According to Space.com, the Falcon Heavy is the most powerful rocket to launch since NASA's Saturn V -- the iconic vessel that, with 7.5 million pounds of thrust, accomplished the definitive Apollo-era feat of putting astronauts on the moon. Elon Musk says that Falcon Heavy is "twice as powerful as any other booster operating today." As for the payload, it includes a Tesla Roadster electric car. "The Falcon Heavy will send the vehicle around the sun in an elliptical orbit that will extend farther than Mars' orbit," reports Space.com.
UPDATE: SpaceX has confirmed The Verge's reporting that the middle core of SpaceX's Heavy Rocket missed the drone ship where it was supposed to land. "The center core was only able to relight one of the three engines necessary to land, and so it hit the water at 300 miles per hour," reports The Verge. "Two engines on the drone ship were taken out when it crashed, SpaceX CEO Elon Musk said in a press call after the rocket launch. It's a small hiccup in an otherwise successful first flight."
For viewers in the Central and Mountain time zones, the moon will set either during the total eclipse or while the satellite is exiting the Earth's shadow. The moon enters the dark umbra at about 5:48 a.m. CST and will hit totality slightly before moonset, at 6:51 a.m. CST. The umbra will appear at 4:48 a.m. MST, and the moon will enter totality at 5:51 a.m. MST. Viewers in the Mountain time zone will also get the chance to see the middle of totality, when the moon is up to 100,000 times fainter than usual, at 6:29 a.m. The eclipse will end slightly before moonset, at 7:07 a.m. MST. Viewers in Alaska and Hawaii will get a full dose of totality, too, but they'll have to be very early birds or night owls. Totality begins at 3:51 a.m. AKST and ends at 5:05 a.m. AKST. Totality hits at 2:51 a.m. HST and will be over by 4:05 a.m. HST.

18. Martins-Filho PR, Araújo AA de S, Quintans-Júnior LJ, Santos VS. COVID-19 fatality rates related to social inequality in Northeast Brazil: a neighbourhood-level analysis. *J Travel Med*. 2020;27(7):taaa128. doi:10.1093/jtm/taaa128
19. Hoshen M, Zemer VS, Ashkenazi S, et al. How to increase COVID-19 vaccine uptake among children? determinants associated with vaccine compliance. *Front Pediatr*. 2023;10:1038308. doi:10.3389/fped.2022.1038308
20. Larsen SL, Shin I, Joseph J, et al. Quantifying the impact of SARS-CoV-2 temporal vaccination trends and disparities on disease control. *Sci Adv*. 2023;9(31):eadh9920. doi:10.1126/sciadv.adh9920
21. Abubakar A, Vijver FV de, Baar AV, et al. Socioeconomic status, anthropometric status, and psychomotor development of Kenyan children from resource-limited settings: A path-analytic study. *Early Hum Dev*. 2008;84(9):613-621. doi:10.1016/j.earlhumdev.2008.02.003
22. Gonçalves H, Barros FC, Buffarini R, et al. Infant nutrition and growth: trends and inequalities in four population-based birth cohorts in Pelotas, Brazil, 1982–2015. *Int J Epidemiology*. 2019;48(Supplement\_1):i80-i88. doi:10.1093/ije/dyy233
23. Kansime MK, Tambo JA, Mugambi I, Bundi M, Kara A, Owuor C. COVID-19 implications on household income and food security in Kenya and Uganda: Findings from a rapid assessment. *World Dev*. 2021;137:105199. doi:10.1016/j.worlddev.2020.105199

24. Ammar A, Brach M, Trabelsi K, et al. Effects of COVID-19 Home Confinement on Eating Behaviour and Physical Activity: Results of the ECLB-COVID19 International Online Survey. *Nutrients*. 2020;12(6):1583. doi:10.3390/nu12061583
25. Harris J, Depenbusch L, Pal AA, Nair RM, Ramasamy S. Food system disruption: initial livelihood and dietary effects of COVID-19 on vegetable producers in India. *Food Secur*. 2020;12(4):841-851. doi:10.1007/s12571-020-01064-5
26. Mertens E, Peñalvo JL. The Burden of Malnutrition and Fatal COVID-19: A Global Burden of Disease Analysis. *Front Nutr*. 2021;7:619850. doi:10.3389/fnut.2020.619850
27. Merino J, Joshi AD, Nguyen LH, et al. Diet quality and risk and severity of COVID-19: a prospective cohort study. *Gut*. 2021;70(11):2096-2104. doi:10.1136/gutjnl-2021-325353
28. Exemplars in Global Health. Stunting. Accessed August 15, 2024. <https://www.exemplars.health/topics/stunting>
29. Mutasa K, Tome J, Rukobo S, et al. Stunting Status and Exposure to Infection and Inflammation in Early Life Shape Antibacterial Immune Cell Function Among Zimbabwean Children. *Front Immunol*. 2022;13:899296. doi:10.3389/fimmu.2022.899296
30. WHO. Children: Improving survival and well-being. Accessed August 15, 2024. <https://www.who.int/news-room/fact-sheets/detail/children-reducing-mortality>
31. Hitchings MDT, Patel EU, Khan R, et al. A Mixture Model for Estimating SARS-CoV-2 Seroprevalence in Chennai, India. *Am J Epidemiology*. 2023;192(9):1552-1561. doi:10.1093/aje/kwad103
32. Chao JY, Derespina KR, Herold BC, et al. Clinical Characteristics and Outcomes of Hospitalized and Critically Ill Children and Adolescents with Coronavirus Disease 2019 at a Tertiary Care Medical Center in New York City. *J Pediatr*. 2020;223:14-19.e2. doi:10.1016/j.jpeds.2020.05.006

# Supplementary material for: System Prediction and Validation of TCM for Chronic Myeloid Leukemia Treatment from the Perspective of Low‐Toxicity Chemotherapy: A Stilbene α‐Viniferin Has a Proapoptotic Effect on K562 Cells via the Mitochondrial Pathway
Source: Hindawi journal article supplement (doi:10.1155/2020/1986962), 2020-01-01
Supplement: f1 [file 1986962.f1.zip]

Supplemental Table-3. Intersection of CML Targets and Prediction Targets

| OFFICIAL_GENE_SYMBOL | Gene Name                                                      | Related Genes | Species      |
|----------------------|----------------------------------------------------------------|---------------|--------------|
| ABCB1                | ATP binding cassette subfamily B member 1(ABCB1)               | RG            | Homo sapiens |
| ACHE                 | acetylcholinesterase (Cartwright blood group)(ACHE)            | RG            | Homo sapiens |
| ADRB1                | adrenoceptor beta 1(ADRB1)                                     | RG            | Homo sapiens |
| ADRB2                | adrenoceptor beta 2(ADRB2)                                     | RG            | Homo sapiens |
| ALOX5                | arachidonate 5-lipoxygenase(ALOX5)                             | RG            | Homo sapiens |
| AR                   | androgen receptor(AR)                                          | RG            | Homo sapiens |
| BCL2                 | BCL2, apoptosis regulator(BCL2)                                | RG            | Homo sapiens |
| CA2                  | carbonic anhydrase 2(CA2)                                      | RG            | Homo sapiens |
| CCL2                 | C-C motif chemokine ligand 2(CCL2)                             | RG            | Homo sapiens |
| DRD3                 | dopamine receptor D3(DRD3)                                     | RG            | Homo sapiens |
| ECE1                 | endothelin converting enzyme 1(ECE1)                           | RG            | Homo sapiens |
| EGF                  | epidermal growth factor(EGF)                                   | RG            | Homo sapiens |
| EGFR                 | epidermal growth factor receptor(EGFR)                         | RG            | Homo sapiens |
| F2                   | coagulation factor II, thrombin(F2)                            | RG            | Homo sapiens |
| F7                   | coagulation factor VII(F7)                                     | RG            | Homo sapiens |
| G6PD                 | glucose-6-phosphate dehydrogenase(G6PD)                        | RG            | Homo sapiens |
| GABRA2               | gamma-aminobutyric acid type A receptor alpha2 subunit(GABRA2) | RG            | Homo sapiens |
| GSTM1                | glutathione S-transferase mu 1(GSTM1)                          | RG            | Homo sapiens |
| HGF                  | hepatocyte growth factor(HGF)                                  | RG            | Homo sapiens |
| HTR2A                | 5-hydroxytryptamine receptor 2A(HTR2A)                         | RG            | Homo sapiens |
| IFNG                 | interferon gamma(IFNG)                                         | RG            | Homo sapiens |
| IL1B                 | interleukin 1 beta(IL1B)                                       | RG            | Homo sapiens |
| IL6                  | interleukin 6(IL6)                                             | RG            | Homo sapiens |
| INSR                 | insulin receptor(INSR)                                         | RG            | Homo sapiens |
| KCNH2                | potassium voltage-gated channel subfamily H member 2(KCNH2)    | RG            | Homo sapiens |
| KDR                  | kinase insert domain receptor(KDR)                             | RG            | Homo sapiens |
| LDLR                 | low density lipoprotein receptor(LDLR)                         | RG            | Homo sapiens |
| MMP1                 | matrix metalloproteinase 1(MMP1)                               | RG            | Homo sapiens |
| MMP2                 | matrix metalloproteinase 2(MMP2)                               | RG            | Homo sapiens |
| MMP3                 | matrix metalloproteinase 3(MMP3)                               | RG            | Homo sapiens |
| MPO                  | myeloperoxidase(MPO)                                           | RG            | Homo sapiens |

Just 60 seconds before lift-off yesterday, a "rogue ship" entered their launch-range area, prompting them to postpone the launch until today. GeekWire reports: This mission was nicknamed "Still Testing," but unlike the first mission, the objective was not merely to test Rocket Lab's hardware. The rocket had the additional task of putting three nanosatellites in orbit: an Earth-imaging Dove satellite for Planet, and two Lemur-2 satellites that the Spire space venture would use for tracking ships and monitoring weather... The price tag for a mission is as low as $5 million, thanks to streamlined hardware production techniques. The Electron makes use of carbon composite materials for its rocket core, and 3-D printing techniques for its Rutherford rocket engines.
90 minutes ago Spire tweeted that they'd experienced a "good clean deployment" of their satellites, adding that they were already receiving images and calling it "a huge win" for commercial space, small satellites, the Electron rocket, and New Zealand.
UPDATE: Long-time Slashdot reader Hairy1 shares Rocket Lab's video of their launch.
"It isn't clear how French maid outfits symbolize cryptocurrency or blockchain technology," notes Quartz, "but they're popular costumes in Japan's anime and cosplay circles."